When the original Nissan Quest minivan went on sale as a 1993 model, it broke new ground as the first vehicle in class to offer true “car-like” handling and comfort. Much progress has been made in the ensuing years with subsequent generations of the Quest and other manufacturers’ minivans. Yet one aspect that hasn’t changed much is the minivan’s basic “box on wheels” styling.
According to the designers of Nissan’s Next Generation Quest Concept, which made its world debut at the 2002 North American International Auto Show in Detroit in January, it’s the traditional utilitarian minivan styling that drives many potential buyers to more adventuresome alternatives such as sport utility vehicles and the new crossover sport utility products.
“In studying the ‘unmet needs’ of current minivan buyers and non-buyers, the one thing that came up over and over again was the uniform desire for more style than that shown by the current offerings in class,” said Tom Semple, President, Nissan Design America, Inc. in La Jolla, Calif., the group behind the creation of the Quest Concept. “Minivans carry such strong negative imagery that it’s hard for many buyers to get beyond the exterior, when the truth of the matter is there’s probably no better vehicle for carrying large amounts of people and stuff. With the Quest Concept, we’re trying to demonstrate that style and functionality can go together.”
Two key elements leading the Quest Concept’s departure from traditional minivan exterior styling are its bold, architectural forms with a flowing, arched beltline and the expansive use of glass – found in both its wraparound glass treatment with “hidden” pillars and the full-length glass roof.
“We tried to take full advantage of the minivan’s core strength – roominess – and exaggerate the feeling through use of light entering through the roof and windows,” said Semple. “The construction of the side window glass, with its milled edges, is adopted from building design, reinforcing the architectural feel and flow of the body, especially when viewed in profile.”
The green-tinted glass has about a 45-degree bevel on the edge with body-colored pillars behind it so the pillars are subtly seen, though not under all conditions.
The Quest Concept also utilizes an exaggerated stance with large 20-inch wheels and tires pushed out to the corners to emphasize its intended athletic performance capabilities. An arched theme runs throughout the body form, with visual breaks helping eliminate the traditional one-box, one-volume appearance. The usual “departing line” is in the side of the vehicle, with the hood coming down to meet it. The corners are very structured, not loafy.
“Everything comes off an arc, the beltline is low in front for enhanced driver visibility, and then it moves up as it flows rearward for a sense of occupant protection. The seats go up as they go back to keep a similar perspective,” said Semple. “Everything is human scaled, the body does different things depending where you are in the Quest Concept. Other details can be found throughout the exterior. Highly efficient fiber optic headlights project onto magnifying lenses. The door handles are retractable, remaining flush with the body when not in use and the side passenger doors are electric sliding."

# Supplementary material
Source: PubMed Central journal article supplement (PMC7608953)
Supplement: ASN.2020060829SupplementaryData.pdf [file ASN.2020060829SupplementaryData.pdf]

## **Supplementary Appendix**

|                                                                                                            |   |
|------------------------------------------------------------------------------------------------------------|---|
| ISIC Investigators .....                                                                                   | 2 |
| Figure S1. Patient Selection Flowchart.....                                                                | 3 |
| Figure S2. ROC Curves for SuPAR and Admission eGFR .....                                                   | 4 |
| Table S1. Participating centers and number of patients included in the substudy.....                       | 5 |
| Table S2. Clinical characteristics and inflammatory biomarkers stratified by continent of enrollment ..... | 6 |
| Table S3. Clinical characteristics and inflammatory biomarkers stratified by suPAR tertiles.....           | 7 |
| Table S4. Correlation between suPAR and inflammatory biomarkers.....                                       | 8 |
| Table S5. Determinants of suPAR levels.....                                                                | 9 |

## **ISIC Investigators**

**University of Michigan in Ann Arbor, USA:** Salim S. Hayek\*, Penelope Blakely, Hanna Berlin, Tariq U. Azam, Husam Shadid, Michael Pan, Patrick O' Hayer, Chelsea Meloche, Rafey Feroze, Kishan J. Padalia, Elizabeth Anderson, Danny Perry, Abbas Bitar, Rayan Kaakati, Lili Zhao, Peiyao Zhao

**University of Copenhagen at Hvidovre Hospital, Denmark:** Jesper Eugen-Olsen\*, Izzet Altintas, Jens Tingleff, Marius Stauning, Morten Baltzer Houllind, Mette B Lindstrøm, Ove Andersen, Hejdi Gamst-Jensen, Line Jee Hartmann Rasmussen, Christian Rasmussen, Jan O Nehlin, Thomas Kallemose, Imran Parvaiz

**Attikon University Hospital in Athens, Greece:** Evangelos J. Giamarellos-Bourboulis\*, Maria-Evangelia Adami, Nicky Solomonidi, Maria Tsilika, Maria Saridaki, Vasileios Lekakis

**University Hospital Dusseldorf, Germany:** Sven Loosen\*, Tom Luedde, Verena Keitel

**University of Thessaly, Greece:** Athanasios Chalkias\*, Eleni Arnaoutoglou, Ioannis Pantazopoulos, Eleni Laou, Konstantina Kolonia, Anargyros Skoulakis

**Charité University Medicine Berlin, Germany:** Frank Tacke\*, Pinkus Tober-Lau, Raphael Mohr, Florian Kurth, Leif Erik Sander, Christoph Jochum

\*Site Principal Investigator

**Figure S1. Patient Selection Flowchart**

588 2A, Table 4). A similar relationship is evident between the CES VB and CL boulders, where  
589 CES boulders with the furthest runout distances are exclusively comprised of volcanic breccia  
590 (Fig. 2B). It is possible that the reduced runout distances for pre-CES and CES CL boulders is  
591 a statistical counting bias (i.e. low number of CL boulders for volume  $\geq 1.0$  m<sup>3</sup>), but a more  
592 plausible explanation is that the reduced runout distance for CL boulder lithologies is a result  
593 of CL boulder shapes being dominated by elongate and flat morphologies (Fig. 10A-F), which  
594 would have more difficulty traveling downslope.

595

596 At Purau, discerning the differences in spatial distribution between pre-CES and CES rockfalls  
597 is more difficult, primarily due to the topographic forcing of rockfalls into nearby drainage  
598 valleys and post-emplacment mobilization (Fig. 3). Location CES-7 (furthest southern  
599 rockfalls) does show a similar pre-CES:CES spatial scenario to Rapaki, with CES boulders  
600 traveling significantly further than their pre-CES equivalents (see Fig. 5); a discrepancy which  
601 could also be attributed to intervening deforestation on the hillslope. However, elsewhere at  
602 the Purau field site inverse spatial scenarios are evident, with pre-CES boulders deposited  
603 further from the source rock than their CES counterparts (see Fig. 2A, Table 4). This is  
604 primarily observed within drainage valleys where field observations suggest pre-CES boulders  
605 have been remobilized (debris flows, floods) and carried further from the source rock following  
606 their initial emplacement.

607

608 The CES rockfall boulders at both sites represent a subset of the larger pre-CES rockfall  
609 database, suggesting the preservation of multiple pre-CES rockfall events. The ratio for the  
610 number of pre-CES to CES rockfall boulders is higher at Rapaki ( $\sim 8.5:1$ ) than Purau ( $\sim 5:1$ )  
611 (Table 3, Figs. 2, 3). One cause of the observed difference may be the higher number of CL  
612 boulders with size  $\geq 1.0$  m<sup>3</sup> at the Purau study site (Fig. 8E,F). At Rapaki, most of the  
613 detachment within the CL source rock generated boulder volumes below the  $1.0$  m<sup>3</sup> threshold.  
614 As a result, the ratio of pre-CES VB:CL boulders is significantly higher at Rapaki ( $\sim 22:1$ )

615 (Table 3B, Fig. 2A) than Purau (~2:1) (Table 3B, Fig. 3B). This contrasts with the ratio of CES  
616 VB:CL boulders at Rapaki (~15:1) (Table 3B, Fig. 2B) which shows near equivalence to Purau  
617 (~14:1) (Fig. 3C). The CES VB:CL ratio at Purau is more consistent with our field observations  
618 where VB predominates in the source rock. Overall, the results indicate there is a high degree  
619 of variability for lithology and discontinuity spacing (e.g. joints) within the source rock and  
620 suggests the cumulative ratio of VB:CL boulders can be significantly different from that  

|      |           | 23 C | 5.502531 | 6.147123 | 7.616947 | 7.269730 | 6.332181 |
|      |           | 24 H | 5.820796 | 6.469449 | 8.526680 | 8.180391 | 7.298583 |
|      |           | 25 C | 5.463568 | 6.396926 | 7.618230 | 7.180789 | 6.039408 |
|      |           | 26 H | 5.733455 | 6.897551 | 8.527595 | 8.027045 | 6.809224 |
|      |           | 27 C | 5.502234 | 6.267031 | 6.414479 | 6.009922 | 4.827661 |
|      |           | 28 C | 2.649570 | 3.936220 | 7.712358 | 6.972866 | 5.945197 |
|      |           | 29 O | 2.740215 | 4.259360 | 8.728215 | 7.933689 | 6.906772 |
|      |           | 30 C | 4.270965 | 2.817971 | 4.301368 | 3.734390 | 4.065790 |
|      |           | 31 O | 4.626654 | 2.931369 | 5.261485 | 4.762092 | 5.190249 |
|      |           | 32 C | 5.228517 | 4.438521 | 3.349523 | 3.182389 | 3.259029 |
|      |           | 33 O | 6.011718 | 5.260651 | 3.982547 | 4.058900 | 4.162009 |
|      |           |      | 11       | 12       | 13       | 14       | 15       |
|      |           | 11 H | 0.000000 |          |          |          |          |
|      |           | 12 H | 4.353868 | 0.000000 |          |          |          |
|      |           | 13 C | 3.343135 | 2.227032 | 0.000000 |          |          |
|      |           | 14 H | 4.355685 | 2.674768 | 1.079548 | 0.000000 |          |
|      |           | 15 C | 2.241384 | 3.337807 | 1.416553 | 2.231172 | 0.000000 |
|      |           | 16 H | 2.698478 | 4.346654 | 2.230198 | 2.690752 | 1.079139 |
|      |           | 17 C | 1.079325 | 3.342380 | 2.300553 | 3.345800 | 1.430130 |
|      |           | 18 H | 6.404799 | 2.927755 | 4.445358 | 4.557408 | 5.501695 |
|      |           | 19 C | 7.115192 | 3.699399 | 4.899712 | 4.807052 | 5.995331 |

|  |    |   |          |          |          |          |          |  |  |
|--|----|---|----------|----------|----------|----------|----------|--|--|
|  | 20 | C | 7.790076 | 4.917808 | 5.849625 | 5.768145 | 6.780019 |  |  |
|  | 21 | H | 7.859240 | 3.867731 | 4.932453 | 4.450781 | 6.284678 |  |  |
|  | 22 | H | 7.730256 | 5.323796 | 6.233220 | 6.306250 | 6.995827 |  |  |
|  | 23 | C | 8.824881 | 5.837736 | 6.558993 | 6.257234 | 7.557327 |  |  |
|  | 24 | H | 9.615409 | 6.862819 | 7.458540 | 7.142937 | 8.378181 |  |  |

The four exterior doors open wide for easy access and the innovative tailgate features a unique “bi-fold” design which operates in a very limited amount of space such as inside a garage or when parked up against a wall. Even the side mirrors have been replaced with side view cameras, with images projected via Head-Up Display (HUD) in the corners of the windshield.
“Open the doors of the Quest Concept and you’re greeted with a great place to live – not industrial design but closer to furniture design with the use of serious, modern materials such as felt and woven leather,” said Semple. “Instead of shouting function, we’ve tried to create a new kind of environment which constantly reinforces the idea that this is a functional object that’s also beautiful.”
The exterior’s arc theme is repeated inside, throughout the instrument panel, the door openings and the seats. The “tabletop” style controls operate like a desktop and the cylinder shaped center stack pulls away toward the floor, allowing easier walkthrough from the front seats. The open interior atmosphere offers premium comfort for six, with the individual seats mounted on a hidden two-track system.
A special storage basket located under the instrument panel on the passenger side is one of many open, innovative storage areas, including a motorized sliding center console and storage tray that can move to any position between the three rows of seats. A universal fastening system is built into the seat backs and interior trim to accommodate custom-designed storage and organization solutions. A power-operated bike rack deploys from the rear cargo area floor.
Other features include the use of a Charge Coupled Device (CCD) camera for monitoring of an infant in a rear-facing child seat, while a rear view camera projects images on a Thin Film Transistor (TFT) display that replaces the rear view mirror. A 16-inch wide center-mounted information display with driver-selectable information offers scalable text sizes and personalized backgrounds can be downloaded via a wireless telematics interface. Dual entertainment system displays are mounted in a full-length overhead console, along with audio and climate controls and additional personal lighting and storage.
“We’ve tried to bring a little romance and style to minivans in contrast to the noise of everyday life,” said Semple. “I think we succeeded with the next generation Quest Concept.”